News retailers are tinkering with a range of digital involvement and outreach tools, from apps to newsletters to podcasts. But there might be one thing that all these endeavors have in common: they’re requiring press to manage all their period efficiently and effectively.
Time management can be described as crucial skill for any correspondent. From carrying out a lead, to looking up memories, interviewing sources, writing the piece and editing and enhancing it, they’re usually handling a variety of pieces of work on once.
The evolution of digital technology has made this easier than ever for people to record, record and share information. This can contain individuals or perhaps small groups with a particular slant, along with major press organizations and government agencies.
Media also need to deal with their period because that they anonymous have sufficient deadlines, via covering disregarding news to filing tests and even crafting stories about other people’s lives. That’s a large amount of activity to manage and it’s really easy for them to fall into less than comfortable habits.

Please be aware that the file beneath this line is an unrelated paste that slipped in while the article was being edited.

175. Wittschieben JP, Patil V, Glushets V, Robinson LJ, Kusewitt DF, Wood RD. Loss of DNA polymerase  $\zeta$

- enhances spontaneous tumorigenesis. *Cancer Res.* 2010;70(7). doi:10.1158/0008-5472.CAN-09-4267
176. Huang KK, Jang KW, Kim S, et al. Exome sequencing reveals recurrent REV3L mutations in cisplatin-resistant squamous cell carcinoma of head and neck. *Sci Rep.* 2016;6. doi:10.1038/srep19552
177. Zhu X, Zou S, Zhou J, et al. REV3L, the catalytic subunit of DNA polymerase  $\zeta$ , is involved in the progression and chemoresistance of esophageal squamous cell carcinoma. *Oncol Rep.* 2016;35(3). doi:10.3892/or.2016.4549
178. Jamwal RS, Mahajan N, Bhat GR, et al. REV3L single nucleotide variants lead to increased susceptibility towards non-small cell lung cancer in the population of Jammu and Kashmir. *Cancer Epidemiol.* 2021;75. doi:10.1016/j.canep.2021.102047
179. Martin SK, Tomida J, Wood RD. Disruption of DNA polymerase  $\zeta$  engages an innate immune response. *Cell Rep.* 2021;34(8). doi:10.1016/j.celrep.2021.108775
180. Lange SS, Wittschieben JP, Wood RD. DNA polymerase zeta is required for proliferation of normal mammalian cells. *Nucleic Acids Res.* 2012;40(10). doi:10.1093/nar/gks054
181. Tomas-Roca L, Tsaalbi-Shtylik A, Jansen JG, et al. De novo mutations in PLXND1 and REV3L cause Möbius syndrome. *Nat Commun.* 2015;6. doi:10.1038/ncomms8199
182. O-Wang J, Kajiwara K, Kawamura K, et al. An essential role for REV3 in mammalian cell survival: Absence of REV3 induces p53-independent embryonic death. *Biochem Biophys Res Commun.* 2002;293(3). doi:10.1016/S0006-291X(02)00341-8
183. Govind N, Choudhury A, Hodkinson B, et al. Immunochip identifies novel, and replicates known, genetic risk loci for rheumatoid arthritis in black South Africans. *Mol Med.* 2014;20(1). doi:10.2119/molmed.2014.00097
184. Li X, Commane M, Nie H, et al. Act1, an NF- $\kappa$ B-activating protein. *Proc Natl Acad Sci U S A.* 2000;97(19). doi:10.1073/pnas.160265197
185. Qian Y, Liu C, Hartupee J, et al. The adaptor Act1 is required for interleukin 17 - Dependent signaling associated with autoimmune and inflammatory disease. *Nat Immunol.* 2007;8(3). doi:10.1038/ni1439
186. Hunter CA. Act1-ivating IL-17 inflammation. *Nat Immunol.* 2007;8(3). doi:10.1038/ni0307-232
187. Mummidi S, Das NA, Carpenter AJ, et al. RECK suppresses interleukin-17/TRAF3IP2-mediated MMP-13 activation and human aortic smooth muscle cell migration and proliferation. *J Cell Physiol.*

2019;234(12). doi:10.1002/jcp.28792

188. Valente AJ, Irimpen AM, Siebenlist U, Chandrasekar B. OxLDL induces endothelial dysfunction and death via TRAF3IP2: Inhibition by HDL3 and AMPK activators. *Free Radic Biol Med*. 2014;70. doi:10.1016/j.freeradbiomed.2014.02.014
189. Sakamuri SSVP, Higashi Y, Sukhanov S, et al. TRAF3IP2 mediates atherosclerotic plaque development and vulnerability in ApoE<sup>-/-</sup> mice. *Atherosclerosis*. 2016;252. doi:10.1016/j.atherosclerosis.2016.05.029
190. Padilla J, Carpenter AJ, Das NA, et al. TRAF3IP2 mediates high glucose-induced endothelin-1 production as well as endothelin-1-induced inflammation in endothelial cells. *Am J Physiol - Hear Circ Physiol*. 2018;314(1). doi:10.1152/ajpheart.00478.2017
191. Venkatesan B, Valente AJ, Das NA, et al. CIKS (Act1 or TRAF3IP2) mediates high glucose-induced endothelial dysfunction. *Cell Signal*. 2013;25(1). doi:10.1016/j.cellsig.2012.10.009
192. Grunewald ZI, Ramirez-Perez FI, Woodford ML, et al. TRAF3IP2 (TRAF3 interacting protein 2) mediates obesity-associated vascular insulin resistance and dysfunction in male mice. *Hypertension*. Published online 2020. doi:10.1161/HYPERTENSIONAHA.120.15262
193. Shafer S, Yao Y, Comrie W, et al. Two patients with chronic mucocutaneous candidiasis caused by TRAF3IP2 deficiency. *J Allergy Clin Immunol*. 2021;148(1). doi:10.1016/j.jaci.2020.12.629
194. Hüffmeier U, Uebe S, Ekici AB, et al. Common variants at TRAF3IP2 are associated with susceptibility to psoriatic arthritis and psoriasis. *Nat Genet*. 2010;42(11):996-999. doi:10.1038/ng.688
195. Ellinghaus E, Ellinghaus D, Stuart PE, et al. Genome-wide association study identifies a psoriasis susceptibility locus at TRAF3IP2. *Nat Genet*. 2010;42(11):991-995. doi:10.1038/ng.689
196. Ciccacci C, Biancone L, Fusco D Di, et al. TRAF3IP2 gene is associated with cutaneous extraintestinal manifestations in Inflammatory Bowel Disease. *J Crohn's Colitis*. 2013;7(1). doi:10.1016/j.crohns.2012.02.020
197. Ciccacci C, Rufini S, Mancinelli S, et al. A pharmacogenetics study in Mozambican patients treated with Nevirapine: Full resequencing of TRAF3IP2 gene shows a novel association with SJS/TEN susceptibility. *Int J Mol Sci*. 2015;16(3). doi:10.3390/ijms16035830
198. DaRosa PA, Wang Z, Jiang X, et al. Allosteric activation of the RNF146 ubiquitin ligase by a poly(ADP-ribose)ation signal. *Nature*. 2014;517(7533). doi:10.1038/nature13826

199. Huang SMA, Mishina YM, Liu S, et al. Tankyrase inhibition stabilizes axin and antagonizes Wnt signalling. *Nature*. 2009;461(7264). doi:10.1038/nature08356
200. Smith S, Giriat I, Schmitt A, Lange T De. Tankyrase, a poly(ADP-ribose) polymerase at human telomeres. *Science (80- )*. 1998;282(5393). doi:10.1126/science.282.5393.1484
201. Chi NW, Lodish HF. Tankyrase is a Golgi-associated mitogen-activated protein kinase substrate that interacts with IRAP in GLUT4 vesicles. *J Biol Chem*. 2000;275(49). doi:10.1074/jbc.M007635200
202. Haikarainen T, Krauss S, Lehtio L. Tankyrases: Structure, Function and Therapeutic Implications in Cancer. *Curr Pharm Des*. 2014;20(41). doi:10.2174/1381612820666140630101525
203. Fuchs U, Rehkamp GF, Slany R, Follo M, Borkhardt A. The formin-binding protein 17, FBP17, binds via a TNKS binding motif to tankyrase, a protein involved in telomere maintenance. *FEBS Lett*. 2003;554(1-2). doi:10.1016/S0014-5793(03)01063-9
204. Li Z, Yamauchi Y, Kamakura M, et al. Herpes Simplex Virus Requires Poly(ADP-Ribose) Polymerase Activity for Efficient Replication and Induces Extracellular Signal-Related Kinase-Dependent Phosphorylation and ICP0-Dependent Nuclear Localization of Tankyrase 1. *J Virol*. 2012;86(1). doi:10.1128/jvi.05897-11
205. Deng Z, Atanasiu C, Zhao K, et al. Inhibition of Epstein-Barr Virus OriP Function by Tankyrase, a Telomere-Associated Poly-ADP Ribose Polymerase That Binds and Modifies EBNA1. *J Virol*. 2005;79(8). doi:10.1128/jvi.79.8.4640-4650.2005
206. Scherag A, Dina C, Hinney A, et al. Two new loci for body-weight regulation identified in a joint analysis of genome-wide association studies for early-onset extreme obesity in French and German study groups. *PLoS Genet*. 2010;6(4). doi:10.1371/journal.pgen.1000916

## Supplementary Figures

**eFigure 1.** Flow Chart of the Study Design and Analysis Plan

Managing time is definitely essential in journalism, however the ability to do so in an effective manner has become increasingly important while using growth of digital technologies. Today, news stores are able to post breaking reviews in real time and reporters can file assessments while on the job.
Additionally, citizen press who apply their cell phones and other products to record events, key in blogs and trade e-mails with options are creating new ways of creating and distributing news. This is certainly the best thing, but it can even be a problem. For that reason, the future of the news industry is normally unclear.